Yesterday I was reading a chain of messages on Mumsnet offering support to a heartbroken woman who had recently had devastating news at her 12 week scan regarding the health of her unborn baby. One message was from an Irish woman who had been in the same horrible situation and had made the unbearable decision to terminate the pregnancy. However due to the fact that abortion is illegal in Ireland she had to join the thousands of Irish women who travel to the UK every year for an abortion. It really struck a chord with me. Having been there, and having made that awful decision, I know this is not a choice anyone desperate for a child takes lightly. It is a traumatic experience. Despite anyone’s moral and religious view on abortion it is important to note the vast difference that exists between carelessly using abortion as birth control, to terminating a much wanted pregnancy due to fatal fetal abnormalities. In the case of the latter it is utterly appalling that women, in their greatest time of need, must flee their country and feel like criminals. The law needs to change. When a woman is given the distressing news that her baby will not survive outside the womb, if she chooses not to continue with her pregnancy, she needs to be looked after in Ireland. Shame on you Ireland. Support women’s choices and their right to be treated compassionately during their darkest hour.
TV star Ben Fogle has bravely spoken for the first time about the heartache of nearly losing his wife during the birth of his stillborn son. In August his wife Marina was within 20 minutes of death, as she struggled to give birth to their third child, a son who was stillborn at 32 weeks. The presenter admitted that the harrowing experience was a reminder of the fragility of life and has made him appreciate every moment with his young family – Ludo, four, and Iona, three. He described how the son he never had the pleasure of meeting inspires him and motivates him to ensure his children ‘enjoy every moment of their life’.
‘There’s a little boy we never got to know and if there’s anything we owe him in getting so close to having met him, and yet so far, it’s to live life even more for him,’
The father-of-two says that since the ordeal in August, not a day goes by when he doesn’t say ‘I love you’ to his family and says the experience taught him he to never take life for granted. The presenter says his philosophy is now to smile, be happy and to seize opportunity that he possibly can.
I’ve seen many references to rainbow babies and it appears that we are due to have one. Rainbow babies are babies born to families after the loss of a previous baby. Rainbow Babies represent the idea that the beauty of a rainbow does not negate the ravages of the storm. When a rainbow appears, it doesn’t mean the storm never happened or that the family is not still dealing with its aftermath. What it means is that something beautiful and full of light has appeared in the midst of the darkness and clouds. Storm clouds may still hover but the rainbow provides new life, energy and hope. What a lovely metaphor for the feelings expectant parents, who lost a previous baby, feel for the contrasting sadness due to loss, and hope for the future.
So the counting begins. Again. Initially we are counting to the 8 week scan on Friday. If that ends well I will count to the next one, presumably at 12 weeks. I try not to get ahead of myself with thoughts of due dates as there is far to much that can potentially go wrong before that. However I do know, all being well, if we get to that stage, that we would have the anomaly scan in October. Perhaps, if the baby is healthy we will start to relax a little from then. At present October seems far far away.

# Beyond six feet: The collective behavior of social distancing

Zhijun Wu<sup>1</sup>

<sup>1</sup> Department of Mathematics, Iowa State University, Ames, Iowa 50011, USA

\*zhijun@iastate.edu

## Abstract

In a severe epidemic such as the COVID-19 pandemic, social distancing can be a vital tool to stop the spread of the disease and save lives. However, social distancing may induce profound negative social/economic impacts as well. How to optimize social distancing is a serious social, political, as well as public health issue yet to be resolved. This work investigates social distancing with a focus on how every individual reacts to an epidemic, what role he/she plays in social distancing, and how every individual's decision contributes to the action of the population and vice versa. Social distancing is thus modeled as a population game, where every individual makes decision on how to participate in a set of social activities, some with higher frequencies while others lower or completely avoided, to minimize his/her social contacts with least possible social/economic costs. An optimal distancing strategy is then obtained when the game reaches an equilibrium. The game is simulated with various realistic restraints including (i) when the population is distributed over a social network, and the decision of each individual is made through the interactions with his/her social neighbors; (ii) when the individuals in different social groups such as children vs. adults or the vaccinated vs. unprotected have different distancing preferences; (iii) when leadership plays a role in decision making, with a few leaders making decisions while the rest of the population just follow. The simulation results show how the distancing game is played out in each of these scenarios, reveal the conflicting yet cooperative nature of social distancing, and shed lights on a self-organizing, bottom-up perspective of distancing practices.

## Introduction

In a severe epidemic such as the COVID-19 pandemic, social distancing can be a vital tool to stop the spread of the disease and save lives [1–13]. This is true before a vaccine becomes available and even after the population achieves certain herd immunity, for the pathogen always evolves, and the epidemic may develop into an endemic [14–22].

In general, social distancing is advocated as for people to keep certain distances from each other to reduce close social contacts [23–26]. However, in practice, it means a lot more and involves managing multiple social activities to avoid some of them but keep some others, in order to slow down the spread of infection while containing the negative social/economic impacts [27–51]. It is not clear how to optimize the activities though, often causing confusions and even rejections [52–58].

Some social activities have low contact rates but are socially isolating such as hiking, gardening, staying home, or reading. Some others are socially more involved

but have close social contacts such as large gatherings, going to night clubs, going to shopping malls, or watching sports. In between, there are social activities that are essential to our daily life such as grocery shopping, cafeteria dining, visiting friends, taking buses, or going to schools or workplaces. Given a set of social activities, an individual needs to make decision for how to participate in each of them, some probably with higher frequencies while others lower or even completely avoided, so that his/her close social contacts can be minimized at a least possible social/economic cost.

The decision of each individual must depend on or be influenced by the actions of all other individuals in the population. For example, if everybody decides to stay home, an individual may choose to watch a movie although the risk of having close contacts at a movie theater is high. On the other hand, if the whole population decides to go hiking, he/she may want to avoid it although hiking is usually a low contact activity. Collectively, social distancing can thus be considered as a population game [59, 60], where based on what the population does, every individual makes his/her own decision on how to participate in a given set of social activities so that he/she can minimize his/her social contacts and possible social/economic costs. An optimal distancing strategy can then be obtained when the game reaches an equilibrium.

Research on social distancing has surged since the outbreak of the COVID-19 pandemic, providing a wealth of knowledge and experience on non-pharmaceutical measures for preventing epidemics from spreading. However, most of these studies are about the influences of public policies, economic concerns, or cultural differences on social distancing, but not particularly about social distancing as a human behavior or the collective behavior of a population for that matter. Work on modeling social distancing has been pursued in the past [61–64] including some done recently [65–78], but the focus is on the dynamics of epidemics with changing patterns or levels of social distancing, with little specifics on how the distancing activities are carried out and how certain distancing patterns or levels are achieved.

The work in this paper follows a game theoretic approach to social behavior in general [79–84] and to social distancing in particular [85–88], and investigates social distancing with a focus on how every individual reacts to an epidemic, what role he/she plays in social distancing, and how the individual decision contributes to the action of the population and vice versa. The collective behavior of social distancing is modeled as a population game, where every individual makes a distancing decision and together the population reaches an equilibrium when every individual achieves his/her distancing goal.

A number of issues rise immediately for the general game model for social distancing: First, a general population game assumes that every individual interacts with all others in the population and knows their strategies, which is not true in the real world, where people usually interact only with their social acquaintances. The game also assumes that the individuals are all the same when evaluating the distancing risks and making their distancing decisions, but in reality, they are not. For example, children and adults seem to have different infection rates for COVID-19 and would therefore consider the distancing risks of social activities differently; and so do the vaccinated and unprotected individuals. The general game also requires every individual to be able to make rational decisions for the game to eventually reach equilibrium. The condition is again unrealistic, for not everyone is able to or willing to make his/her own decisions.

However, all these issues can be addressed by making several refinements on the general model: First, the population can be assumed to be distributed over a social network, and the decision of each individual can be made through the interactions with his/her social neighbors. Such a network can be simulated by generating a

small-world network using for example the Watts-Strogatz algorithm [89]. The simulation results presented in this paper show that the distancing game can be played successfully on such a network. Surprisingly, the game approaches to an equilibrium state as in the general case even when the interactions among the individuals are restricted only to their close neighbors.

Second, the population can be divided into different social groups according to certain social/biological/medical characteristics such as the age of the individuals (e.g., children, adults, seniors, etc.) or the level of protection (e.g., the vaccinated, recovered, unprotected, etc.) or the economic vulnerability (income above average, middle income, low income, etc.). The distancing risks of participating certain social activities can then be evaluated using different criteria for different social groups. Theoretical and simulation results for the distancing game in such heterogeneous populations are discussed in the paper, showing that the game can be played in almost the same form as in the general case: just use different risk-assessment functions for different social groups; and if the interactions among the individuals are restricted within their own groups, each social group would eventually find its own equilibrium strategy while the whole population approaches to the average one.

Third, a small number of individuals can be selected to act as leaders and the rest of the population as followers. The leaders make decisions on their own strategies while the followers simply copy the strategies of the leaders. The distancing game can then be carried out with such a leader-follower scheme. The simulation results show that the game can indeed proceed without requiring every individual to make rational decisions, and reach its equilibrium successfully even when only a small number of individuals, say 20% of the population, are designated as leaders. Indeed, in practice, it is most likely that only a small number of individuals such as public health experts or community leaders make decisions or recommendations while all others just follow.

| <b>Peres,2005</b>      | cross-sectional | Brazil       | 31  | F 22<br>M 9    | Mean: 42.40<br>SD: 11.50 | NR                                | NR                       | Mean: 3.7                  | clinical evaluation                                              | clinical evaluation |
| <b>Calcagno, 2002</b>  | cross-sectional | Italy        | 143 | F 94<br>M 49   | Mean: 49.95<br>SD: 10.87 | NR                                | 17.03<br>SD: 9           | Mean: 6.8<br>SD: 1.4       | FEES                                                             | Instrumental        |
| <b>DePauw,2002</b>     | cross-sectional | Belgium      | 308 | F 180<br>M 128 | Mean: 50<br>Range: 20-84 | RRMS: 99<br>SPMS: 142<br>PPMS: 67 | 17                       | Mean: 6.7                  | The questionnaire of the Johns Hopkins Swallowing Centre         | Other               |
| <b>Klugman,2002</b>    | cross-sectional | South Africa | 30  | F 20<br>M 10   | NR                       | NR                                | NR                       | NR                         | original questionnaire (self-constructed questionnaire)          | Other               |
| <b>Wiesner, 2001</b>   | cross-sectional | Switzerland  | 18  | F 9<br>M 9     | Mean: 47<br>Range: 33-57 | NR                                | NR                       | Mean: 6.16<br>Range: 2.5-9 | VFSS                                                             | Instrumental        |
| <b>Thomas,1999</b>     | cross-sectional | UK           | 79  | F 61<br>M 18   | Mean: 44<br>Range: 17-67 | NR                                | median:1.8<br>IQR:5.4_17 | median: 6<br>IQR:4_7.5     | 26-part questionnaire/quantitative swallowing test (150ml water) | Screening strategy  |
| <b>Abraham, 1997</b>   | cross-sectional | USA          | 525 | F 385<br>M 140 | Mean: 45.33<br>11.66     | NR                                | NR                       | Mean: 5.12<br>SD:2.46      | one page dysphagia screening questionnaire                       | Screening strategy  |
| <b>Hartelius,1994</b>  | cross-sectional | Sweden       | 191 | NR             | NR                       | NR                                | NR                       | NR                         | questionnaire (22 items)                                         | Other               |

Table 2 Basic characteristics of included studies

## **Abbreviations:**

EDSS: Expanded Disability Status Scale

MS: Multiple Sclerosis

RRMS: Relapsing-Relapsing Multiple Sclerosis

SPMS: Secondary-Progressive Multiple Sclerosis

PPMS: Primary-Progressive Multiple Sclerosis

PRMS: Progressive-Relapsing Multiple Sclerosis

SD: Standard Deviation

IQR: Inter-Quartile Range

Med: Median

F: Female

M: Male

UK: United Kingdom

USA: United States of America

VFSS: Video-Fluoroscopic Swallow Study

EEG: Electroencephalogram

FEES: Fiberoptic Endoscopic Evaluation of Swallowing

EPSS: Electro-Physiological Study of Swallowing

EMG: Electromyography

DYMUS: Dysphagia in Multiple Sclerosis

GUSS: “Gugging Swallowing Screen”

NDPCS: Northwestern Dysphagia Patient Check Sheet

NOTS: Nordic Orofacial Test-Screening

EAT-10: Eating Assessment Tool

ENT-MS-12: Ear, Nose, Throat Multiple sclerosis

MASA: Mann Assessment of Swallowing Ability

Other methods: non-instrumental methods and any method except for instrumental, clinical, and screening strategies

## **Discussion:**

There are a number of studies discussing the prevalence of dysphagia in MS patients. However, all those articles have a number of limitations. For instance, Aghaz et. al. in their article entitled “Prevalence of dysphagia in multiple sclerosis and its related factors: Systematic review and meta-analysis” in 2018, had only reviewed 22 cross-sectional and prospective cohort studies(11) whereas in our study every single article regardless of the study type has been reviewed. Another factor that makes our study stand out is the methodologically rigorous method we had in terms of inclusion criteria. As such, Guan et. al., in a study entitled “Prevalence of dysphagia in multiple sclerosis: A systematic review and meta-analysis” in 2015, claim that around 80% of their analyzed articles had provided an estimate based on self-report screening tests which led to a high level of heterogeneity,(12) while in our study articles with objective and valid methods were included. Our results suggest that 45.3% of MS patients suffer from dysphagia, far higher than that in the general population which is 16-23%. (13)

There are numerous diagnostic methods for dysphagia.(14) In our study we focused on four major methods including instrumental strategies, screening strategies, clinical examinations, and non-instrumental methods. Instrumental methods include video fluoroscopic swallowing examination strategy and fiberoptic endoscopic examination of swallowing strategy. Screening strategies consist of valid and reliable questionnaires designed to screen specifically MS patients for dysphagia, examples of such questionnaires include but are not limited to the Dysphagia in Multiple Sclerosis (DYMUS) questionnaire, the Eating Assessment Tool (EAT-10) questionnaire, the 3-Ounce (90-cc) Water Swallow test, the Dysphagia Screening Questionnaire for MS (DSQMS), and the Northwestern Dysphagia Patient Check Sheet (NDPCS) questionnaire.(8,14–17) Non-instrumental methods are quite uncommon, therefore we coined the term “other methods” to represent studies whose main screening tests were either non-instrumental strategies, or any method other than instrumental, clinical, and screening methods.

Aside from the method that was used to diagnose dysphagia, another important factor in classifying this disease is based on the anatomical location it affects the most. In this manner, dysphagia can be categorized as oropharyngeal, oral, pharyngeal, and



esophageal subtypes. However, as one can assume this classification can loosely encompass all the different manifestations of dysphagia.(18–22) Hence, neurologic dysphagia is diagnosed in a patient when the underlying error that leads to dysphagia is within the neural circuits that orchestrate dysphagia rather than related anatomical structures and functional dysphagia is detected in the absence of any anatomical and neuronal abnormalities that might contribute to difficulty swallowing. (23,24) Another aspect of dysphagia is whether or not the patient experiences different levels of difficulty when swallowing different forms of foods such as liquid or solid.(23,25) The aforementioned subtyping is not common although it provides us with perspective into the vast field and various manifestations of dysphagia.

Yesterday was the first time, in a long time, that my husband had to have the awkward conversation which begins with ‘so your wife must have had the baby’ and ends with that person feeling utterly embarrassed. We are resilient enough now to be able to talk about it without it being horribly painful but we do feel sorry for the well-meaning people who put their foot in it. They are people we rarely see, who are not connected to our friends and family. How should they know? It’s not their fault. Even worse was that his wife was pregnant and I don’t like to tell pregnant people in case it makes them anxious. Hopefully we will be able to tell them positive news soon.
I’m having trouble sleeping. It is partly the hot summer nights and partly the pregnancy. Not that I am complaining. Quite the opposite. I am eager to spot these symptoms as I am a little panicked that since I feel fine something awful has happened.
No last night it was undoubtedly due to two consecutive nightmares. One horribly vivid one featured a doctor telling me that this baby was also severely ill and that we should terminate the pregnancy, again. It doesn’t take a genius to realise that having lost our first baby at 21 weeks I am anxious about the pregnancy.
I just so desperately want this one to work out. I was expecting these fears, and the rational part of me knows that is all they are. But there is still a small voice in the back in my mind saying ‘what if it happens again?’. Despite this I would still choose pregnant and anxious over not pregnant and anxious. Why do I feel like I am between the devil and the deep blue sea?
Even though we are obviously progressing towards having a baby I am under no illusions, after our previous pregnancy loss at 21 weeks, that we are getting a baby. There are no guarantees. I almost want to ignore the pregnancy so I don’t become too attached to the idea. Severe health complications arose in the last pregnancy so I am extremely anxious that the same condition will occur in this pregnancy too. If this condition has occurred once, it is statistically and medically more likely to occur again. However because a post-mortem uncovered no genetic abnormalities in our baby it is assumed that it was just (very very) bad luck. Inevitably until we have our 20 week scan (which is a lifetime away) I will be concerned.
All I can do is be as healthy as possible and pray it works out. Worrying won’t change the outcome. The risk is between 2.5-5%. Once again I must wait and hope for the best.